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Scientists Discover Two Antibodies That Can Shield Against Influenza B Virus

Researchers from the Washington University School of Medicine recently made an important discovery that could help humans combat the influenza B virus more effectively.

The researchers found two antibodies that demonstrated the ability to shield mice subjects from dangerous and deadly infections caused by the influenza B virus. The finding was quite significant because the two antibodies, together with an antibody that combats other types of influenza viruses in humans, can be used to develop more effective drugs that can treat almost any flu. The findings from the mouse study were published in a scientific journal called Immunity.

“People forget that before COVID-19 hit last winter, we were already in the midst of a really bad influenza season, especially for children,” stated Dr. Ali Ellebedy, who was a co-senior author in the study.

The findings from the study may pave the way for better influenza treatments

Dr. Ellebedy is also an assistant pathology and immunology professor at Washington University. He noted that the influenza season started earlier than usual last year, and it heavily affected children and even resulted in death. Influenza claimed the lives of 187 children during the 2019-2020 flu season. Dr. Ellebedy also stressed the need for better treatments for influenza B. Researchers observed that the discovered antibodies have the ability to eliminate every influenza strain that they tested on the subjects.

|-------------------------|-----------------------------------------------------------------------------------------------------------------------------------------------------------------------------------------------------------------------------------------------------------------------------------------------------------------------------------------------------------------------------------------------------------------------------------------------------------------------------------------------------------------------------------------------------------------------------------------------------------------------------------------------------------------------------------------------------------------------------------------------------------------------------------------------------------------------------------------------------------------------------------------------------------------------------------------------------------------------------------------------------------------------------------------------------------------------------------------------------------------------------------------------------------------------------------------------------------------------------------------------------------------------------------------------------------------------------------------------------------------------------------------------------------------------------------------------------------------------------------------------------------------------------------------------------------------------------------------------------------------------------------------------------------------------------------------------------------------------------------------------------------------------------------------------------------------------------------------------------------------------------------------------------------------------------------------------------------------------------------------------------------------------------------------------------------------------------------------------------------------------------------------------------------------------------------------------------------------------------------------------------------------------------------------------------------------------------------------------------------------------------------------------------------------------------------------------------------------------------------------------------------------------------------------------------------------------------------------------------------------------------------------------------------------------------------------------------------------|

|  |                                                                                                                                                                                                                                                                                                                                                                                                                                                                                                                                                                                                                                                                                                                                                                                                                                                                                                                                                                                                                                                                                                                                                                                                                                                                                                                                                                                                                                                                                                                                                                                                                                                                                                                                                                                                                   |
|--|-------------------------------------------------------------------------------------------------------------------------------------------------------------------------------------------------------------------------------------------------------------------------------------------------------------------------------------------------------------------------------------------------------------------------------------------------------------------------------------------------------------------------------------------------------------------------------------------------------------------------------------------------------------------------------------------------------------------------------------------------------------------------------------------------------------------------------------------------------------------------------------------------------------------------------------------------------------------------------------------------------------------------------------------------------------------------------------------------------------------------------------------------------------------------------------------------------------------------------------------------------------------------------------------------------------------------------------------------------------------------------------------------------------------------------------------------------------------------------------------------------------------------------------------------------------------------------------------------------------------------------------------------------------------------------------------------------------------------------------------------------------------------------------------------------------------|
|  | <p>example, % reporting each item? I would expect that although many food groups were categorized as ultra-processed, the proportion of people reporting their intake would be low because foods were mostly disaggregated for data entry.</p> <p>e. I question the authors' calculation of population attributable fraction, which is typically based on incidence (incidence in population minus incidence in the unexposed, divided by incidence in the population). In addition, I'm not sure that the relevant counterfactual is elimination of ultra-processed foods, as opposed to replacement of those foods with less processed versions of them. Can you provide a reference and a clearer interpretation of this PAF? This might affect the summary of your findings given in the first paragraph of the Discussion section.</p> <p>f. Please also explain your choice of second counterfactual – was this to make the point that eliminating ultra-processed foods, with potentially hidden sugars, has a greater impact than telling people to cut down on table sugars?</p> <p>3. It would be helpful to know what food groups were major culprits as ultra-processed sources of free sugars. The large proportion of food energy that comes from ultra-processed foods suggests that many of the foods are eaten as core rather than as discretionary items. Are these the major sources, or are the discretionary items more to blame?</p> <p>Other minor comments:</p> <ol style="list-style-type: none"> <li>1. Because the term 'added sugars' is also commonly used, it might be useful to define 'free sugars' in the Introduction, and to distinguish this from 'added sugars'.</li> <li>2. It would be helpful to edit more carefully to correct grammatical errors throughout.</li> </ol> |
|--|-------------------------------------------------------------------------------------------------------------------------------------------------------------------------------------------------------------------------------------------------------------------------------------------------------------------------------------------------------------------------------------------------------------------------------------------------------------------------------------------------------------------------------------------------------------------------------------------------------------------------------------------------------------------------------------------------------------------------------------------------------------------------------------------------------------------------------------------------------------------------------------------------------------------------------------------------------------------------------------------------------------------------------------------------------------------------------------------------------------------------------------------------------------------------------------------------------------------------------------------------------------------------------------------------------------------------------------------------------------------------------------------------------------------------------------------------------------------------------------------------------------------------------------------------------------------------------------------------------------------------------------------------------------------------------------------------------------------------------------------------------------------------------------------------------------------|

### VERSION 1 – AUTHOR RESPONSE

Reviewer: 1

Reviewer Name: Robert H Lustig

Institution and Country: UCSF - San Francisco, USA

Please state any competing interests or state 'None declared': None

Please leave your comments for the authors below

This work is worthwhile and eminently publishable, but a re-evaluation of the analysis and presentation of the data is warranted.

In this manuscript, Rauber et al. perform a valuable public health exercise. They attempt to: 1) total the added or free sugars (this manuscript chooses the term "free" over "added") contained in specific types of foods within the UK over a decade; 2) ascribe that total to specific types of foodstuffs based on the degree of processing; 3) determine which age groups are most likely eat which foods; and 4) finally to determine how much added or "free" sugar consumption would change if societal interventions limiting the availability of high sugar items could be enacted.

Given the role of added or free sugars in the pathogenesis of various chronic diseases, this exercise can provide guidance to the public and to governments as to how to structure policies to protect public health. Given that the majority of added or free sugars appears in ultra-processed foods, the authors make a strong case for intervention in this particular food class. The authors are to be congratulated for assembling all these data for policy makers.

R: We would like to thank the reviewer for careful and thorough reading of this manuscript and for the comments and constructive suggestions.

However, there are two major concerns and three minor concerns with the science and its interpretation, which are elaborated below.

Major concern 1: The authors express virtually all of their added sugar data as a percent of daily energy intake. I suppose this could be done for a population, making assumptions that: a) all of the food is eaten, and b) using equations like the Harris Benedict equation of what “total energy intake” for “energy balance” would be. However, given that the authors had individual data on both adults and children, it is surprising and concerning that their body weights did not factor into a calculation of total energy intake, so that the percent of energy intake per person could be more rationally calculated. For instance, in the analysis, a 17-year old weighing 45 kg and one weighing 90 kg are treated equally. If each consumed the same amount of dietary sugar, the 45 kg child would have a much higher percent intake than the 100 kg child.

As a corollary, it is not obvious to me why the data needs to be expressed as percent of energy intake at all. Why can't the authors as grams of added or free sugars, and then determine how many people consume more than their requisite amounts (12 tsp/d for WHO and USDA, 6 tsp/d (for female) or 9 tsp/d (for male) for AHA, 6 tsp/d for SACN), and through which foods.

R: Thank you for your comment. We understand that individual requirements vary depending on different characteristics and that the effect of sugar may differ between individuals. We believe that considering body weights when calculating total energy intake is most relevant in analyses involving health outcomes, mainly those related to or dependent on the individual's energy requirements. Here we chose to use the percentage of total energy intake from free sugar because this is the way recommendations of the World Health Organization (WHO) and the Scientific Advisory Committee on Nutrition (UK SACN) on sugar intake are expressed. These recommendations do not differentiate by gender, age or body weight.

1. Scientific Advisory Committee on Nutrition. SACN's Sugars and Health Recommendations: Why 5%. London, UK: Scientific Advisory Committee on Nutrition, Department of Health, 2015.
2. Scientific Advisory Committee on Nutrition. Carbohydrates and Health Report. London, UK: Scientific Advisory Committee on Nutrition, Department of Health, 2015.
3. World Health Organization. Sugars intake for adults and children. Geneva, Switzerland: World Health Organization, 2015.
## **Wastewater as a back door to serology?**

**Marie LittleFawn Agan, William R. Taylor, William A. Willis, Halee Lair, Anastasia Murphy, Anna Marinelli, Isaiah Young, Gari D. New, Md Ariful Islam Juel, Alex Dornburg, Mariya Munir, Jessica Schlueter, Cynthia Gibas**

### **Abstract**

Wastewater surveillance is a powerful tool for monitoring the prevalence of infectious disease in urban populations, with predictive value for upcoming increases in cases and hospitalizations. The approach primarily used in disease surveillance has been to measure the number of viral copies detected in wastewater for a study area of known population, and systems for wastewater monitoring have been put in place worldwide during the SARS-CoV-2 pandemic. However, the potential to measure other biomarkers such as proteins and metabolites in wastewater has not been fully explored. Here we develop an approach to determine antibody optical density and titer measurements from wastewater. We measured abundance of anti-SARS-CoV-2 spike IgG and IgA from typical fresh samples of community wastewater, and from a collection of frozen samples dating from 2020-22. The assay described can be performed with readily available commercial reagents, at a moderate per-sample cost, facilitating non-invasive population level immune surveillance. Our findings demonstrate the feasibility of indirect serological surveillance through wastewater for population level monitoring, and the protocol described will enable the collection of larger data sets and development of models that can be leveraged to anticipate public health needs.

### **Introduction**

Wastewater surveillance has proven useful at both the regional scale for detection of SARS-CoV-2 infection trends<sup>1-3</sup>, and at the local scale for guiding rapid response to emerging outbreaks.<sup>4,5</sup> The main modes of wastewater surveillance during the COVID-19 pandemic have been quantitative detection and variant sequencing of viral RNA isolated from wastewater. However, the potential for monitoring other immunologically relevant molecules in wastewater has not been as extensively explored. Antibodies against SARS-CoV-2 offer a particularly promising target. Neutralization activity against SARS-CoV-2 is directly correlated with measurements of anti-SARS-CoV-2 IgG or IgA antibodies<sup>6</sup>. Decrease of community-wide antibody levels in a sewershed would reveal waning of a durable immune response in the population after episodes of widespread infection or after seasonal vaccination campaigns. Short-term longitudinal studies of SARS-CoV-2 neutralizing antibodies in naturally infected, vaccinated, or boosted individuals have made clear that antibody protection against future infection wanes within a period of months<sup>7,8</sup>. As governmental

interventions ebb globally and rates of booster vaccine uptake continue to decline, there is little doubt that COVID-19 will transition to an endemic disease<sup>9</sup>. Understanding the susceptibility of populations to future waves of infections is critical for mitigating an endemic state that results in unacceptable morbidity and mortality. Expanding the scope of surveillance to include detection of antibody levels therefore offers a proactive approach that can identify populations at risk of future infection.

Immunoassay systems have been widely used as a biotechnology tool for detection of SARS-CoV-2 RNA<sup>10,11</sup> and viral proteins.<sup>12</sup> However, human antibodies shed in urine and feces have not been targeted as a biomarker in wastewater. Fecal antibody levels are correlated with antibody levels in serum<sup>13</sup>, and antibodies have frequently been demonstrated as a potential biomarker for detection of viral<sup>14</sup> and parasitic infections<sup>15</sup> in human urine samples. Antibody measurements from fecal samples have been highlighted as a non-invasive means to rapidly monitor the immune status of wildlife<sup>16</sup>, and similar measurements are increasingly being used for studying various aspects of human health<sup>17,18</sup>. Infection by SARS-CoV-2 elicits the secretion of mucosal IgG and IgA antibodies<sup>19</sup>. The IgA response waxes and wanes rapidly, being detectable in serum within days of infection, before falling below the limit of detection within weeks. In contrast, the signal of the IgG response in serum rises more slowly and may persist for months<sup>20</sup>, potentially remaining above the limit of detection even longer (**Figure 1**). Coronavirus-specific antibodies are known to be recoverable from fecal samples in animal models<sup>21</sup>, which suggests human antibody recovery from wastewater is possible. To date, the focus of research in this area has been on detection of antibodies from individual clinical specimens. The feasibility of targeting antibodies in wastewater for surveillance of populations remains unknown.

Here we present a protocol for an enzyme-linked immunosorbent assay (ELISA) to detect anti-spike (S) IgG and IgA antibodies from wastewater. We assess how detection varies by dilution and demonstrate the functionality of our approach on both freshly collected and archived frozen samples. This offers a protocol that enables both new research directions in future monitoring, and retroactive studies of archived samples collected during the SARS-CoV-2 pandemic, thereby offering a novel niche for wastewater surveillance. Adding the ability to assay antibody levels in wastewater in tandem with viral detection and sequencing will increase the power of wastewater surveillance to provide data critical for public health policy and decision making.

There are two types of influenza viruses, namely influenza A and Influenza B. The latter is more resistant to the most common influenza medication, such as Tamiflu. This is why the recent findings are important because they highlight potential approaches to developing more effective treatments against influenza B.

The researchers obtained blood samples from an influenza B patient that had been hospitalized. They then drew cells that produce the antibodies that fight the influenza B virus and evaluated their performance. The researchers secured 7 antibodies that target neuraminidase. They then managed to isolate two antibodies named 2E01 and 1G05 that managed to inhibit all the neuraminidases from 9 different influenza B viruses. Further research showed that it would be difficult for the influenza B viruses to evolve to become resistant to the two antibodies, which means that treatments based on these antibodies will likely be highly effective.

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